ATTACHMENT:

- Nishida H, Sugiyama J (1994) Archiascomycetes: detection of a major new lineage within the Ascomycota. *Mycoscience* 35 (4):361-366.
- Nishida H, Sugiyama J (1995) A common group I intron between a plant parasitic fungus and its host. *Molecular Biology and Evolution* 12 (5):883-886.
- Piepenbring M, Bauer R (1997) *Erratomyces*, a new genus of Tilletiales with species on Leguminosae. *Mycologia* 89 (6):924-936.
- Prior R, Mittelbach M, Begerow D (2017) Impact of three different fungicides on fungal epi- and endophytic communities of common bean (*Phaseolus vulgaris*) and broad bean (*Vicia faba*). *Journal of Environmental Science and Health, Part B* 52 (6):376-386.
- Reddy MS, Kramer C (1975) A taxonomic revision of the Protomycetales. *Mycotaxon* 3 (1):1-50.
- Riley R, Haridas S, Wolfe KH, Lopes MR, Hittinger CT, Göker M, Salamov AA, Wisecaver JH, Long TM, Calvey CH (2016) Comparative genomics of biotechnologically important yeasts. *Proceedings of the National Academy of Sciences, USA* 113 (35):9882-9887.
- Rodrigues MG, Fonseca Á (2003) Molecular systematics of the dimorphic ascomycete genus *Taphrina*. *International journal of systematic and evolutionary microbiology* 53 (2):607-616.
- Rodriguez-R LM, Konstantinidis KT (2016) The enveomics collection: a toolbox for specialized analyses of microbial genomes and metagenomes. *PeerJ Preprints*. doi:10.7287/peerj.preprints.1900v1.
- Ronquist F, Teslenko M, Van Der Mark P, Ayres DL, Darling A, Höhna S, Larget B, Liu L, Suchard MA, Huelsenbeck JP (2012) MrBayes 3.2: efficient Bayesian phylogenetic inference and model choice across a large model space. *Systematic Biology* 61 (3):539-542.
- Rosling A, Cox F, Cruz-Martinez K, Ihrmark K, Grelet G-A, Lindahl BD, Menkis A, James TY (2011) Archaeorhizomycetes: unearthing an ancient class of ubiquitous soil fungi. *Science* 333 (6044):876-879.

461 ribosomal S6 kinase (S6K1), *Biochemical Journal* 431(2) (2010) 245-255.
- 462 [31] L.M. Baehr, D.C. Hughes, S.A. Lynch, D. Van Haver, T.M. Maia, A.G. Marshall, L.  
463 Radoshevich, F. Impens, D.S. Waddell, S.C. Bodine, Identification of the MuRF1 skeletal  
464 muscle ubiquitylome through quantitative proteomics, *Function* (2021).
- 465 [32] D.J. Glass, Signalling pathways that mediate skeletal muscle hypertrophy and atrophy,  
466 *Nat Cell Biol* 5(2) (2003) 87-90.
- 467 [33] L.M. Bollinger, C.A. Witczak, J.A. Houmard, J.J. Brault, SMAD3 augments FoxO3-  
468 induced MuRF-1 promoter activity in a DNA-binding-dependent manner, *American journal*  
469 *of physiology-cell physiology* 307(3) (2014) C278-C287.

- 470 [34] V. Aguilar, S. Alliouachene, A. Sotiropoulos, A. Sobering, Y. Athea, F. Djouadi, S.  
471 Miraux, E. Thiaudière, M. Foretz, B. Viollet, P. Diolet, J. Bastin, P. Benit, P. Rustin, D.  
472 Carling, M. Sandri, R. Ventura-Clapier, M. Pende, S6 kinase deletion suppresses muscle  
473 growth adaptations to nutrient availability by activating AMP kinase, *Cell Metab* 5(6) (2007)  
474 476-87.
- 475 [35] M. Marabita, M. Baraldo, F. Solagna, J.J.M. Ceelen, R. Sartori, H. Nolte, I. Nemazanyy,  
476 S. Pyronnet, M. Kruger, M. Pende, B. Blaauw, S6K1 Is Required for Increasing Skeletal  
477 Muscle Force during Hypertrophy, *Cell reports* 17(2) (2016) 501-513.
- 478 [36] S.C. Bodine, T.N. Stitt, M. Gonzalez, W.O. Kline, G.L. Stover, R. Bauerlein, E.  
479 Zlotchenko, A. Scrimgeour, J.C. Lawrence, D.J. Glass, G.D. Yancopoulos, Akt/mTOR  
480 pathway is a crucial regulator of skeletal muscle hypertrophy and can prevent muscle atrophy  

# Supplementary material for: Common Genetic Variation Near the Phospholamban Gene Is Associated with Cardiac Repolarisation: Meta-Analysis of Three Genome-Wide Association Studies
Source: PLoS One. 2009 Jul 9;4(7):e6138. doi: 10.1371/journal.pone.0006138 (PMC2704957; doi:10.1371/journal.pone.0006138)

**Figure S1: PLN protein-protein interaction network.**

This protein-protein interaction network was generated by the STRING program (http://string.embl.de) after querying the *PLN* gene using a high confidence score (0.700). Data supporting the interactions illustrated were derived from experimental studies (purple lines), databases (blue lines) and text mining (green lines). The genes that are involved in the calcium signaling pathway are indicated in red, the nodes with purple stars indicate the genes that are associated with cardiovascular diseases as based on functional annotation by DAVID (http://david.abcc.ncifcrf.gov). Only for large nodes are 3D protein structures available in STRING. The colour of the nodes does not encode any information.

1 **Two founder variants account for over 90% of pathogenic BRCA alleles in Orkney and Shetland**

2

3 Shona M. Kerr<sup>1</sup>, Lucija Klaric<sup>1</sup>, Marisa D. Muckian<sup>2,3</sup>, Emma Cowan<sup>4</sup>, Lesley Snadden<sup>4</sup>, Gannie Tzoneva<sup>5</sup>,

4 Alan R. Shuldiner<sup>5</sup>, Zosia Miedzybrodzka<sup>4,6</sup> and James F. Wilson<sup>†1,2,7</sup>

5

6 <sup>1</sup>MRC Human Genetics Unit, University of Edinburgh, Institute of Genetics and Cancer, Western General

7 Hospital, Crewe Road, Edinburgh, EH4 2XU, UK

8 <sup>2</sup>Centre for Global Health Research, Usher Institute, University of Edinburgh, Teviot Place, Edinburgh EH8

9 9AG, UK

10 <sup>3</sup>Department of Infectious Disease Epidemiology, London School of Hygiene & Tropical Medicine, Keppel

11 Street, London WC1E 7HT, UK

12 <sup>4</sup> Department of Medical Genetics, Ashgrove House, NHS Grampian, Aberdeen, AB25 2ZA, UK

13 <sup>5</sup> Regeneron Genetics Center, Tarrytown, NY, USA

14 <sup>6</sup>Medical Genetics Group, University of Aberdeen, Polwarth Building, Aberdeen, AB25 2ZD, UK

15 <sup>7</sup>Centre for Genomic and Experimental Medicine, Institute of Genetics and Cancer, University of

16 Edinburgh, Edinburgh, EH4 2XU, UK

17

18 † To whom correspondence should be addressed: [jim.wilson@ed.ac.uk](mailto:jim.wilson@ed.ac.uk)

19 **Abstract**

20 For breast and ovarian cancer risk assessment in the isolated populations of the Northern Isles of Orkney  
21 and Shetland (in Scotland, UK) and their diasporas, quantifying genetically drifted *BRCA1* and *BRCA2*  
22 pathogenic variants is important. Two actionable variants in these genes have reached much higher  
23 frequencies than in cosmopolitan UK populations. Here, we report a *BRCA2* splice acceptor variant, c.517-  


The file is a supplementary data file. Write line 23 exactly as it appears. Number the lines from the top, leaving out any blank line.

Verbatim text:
473 growth adaptations to nutrient availability by activating AMP kinase, *Cell Metab* 5(6) (2007)  